Dad came up with an ingenious plan to create a recess in the float-frame with a pin positioned through it. This means the load will not pull out the ‘fixing’ as a top mounted ‘eye’ would. Side mounted eyes with wire would likely show and create a great deal of instability. This option allows us to use small picture hooks, plasterboard picture hooks, picture pins or even screws to hold the panels in place.
We tried various brackets, hooks and options to hang these and this was the most stable – and elegant – of all the materials and techniques we tried. For horizontal versions of these, we will try using eyes to the edges of the float frame and a tight wire from which to hang them. These will be less stable, – but no more so than any other painting of a comparative size and I can use 2 fixings in the wall to help.
Below is the test of the panels hanging next to one another (there will be 5 altogether), the frame with eye fixings and a wire and some blocks Dad made me to hold the panels whilst I paint them (as this will be tricky now they are fixed to the frame).
The experiments I made with a small strip of stripes overlaid on the main panel made me think a lot about the interaction of colours. I have recently been making some knitted items that can inform, and is having an impact on, my practice.
I am a big fan of Knitty.com: an online community magazine for knitters – where people can contribute patterns for publication. One such pattern in this issue is the Princess Franklin Plaid Collar. It is one of those projects that is ‘reasonably’ quick to do (well the knitting part is) and can use up ‘stash’ wool. The great thing with this is that I get to play around with colours. I can choose how they sit alongside one another and how they interact. Another thing I have really liked using is variegated or hand-dyed yarns – as there is a ‘chance’ element to the interaction of the colours and is often where the most interesting sections are.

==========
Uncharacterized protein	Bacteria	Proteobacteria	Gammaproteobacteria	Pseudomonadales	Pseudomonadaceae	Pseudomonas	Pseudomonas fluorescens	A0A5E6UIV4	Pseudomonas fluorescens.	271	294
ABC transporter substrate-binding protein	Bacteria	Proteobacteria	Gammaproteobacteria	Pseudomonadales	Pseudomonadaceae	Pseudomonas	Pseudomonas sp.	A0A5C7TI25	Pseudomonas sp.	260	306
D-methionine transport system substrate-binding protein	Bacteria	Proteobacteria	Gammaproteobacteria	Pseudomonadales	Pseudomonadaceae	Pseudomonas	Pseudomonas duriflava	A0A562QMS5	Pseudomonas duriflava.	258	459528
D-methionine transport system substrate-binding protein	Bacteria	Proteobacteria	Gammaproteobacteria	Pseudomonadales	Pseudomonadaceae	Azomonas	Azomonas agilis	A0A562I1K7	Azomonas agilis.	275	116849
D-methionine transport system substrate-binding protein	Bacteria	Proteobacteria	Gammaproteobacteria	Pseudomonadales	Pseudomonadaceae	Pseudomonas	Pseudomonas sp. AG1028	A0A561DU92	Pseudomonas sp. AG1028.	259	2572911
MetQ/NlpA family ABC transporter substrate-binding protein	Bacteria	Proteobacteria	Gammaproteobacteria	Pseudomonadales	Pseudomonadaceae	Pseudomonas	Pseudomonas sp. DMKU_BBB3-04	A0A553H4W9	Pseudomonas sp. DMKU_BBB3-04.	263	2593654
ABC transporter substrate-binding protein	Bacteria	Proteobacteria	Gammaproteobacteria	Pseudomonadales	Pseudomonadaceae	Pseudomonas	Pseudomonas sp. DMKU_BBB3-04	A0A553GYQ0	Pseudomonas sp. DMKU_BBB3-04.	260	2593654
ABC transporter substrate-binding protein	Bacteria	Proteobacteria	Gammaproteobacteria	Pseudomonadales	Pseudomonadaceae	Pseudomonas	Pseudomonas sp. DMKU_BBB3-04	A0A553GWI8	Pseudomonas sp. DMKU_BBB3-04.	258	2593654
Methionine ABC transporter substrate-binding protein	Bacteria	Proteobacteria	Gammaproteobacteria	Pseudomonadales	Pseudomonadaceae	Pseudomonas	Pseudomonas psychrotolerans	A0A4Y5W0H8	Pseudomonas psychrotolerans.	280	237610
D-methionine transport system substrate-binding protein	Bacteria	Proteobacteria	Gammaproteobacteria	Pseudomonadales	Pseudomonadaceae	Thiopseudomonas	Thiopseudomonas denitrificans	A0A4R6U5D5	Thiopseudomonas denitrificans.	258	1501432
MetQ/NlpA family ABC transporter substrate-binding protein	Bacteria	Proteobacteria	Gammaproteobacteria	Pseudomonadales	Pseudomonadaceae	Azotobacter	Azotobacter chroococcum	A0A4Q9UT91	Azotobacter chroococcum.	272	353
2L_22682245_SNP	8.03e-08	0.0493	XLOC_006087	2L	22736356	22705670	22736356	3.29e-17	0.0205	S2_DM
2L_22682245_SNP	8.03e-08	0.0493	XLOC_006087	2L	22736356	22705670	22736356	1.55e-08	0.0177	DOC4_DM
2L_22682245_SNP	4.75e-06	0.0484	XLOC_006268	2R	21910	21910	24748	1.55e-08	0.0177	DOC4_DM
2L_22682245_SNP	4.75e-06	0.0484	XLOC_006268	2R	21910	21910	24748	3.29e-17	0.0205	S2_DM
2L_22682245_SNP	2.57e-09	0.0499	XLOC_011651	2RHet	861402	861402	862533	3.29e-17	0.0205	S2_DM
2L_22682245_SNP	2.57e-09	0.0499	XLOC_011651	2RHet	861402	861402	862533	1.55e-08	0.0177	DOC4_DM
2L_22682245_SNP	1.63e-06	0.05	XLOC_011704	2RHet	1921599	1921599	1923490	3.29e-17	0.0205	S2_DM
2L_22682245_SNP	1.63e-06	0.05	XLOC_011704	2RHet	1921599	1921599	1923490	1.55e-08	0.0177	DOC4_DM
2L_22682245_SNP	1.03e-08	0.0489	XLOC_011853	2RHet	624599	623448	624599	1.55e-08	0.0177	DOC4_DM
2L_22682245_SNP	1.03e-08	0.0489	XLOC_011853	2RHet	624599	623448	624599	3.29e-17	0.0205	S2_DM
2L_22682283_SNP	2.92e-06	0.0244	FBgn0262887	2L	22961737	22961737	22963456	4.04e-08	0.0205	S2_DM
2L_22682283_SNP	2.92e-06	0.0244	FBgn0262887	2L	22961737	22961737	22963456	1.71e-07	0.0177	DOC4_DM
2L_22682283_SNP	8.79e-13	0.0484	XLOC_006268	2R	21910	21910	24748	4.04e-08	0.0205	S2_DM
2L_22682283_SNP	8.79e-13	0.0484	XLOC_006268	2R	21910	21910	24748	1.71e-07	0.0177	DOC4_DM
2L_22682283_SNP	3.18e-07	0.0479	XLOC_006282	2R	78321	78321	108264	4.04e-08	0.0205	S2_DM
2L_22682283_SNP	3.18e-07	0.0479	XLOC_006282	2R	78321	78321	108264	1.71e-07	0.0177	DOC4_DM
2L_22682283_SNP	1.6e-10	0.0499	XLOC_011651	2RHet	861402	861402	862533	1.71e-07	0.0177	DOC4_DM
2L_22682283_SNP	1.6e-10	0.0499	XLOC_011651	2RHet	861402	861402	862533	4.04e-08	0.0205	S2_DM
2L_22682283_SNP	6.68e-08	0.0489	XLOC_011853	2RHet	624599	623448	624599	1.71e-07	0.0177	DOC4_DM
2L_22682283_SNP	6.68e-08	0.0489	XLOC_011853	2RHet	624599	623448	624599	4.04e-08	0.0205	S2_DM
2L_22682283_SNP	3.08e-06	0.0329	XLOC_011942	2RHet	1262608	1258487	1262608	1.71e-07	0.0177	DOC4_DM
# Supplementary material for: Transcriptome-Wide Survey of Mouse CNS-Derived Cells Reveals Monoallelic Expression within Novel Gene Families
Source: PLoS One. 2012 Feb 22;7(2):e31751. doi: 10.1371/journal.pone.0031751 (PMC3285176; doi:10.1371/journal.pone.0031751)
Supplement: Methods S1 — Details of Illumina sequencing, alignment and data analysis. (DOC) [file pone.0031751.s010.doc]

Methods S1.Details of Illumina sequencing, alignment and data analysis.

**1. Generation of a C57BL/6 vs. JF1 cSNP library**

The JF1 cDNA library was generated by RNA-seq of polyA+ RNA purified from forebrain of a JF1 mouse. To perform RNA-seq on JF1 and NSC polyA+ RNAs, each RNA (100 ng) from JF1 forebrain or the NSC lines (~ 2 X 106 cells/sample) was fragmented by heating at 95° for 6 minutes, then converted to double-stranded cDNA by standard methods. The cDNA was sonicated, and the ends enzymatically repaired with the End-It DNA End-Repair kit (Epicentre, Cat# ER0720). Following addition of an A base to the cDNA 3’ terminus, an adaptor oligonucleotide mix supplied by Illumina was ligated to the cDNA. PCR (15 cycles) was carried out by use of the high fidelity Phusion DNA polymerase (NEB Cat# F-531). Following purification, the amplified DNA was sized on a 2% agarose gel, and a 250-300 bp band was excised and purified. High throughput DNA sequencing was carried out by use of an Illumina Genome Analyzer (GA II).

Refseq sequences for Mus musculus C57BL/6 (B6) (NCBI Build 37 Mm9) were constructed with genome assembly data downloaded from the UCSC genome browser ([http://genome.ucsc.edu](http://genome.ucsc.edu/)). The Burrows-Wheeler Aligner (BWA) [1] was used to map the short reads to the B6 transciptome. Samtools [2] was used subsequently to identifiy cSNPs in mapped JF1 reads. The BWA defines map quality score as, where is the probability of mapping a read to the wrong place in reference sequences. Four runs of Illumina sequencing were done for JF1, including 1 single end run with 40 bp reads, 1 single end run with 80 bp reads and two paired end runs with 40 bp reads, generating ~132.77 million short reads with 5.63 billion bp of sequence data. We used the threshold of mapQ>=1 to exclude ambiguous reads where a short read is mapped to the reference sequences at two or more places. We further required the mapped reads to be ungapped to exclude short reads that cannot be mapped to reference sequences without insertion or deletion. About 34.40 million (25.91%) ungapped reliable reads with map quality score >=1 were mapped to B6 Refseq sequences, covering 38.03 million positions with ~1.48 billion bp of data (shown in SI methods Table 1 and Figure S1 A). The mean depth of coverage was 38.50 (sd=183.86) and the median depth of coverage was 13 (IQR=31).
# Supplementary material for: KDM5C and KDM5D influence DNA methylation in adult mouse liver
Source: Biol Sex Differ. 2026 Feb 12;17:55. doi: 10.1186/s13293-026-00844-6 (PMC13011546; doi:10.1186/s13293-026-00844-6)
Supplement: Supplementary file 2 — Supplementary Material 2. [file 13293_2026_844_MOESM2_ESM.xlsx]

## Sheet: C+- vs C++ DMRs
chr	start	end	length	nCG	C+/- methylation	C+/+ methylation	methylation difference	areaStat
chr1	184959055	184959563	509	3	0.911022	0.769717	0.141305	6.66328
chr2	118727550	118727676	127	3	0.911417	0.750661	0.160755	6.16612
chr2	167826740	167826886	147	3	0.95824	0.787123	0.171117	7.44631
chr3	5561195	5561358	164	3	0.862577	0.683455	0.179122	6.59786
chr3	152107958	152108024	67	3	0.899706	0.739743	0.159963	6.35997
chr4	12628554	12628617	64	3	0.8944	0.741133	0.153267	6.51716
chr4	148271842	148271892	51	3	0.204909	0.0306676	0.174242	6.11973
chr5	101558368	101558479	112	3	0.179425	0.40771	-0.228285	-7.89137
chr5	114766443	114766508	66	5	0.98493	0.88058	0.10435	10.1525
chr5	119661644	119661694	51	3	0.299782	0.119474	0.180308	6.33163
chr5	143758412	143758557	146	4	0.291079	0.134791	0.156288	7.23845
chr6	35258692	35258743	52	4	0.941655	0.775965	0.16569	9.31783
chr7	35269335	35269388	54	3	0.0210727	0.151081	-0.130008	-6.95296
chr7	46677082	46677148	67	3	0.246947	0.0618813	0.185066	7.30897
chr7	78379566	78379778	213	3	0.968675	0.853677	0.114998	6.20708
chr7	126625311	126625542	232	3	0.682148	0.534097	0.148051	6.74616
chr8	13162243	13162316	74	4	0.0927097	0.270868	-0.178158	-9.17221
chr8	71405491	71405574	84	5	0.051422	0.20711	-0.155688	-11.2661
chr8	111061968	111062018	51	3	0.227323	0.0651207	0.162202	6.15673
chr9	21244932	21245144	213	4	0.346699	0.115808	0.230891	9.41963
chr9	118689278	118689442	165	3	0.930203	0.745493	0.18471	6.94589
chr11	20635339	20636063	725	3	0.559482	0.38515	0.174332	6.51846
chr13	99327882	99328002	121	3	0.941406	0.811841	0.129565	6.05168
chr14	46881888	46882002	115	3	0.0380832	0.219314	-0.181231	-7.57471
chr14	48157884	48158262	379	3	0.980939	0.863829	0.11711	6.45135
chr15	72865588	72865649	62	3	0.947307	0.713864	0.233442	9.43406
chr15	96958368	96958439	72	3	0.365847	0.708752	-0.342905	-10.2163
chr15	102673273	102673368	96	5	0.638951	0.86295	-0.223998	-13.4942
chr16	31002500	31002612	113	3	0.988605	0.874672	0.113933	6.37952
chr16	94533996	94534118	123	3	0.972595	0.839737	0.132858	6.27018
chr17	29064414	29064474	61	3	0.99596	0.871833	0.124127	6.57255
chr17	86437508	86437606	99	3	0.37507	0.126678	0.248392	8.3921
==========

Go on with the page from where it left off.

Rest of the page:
I have frequently taken photos of these for the day’s entry in my colour diary. This not only adds the colours to the diary (from the interactions I notice most) but also strengthens my subliminal skills at grouping colours. It is interesting that the main body of this cowl is stripes – which in themselves reflect my paintings, but also that the interwoven colours of the plaids allows each colour to interact with more than its direct neighbour.
Enjoy finding the interactions that push your buttons.
I’ve taken another ‘day’ from my colour diary to play with creating plaids.These ones are hot and vibrant and really quite intense and aggressive!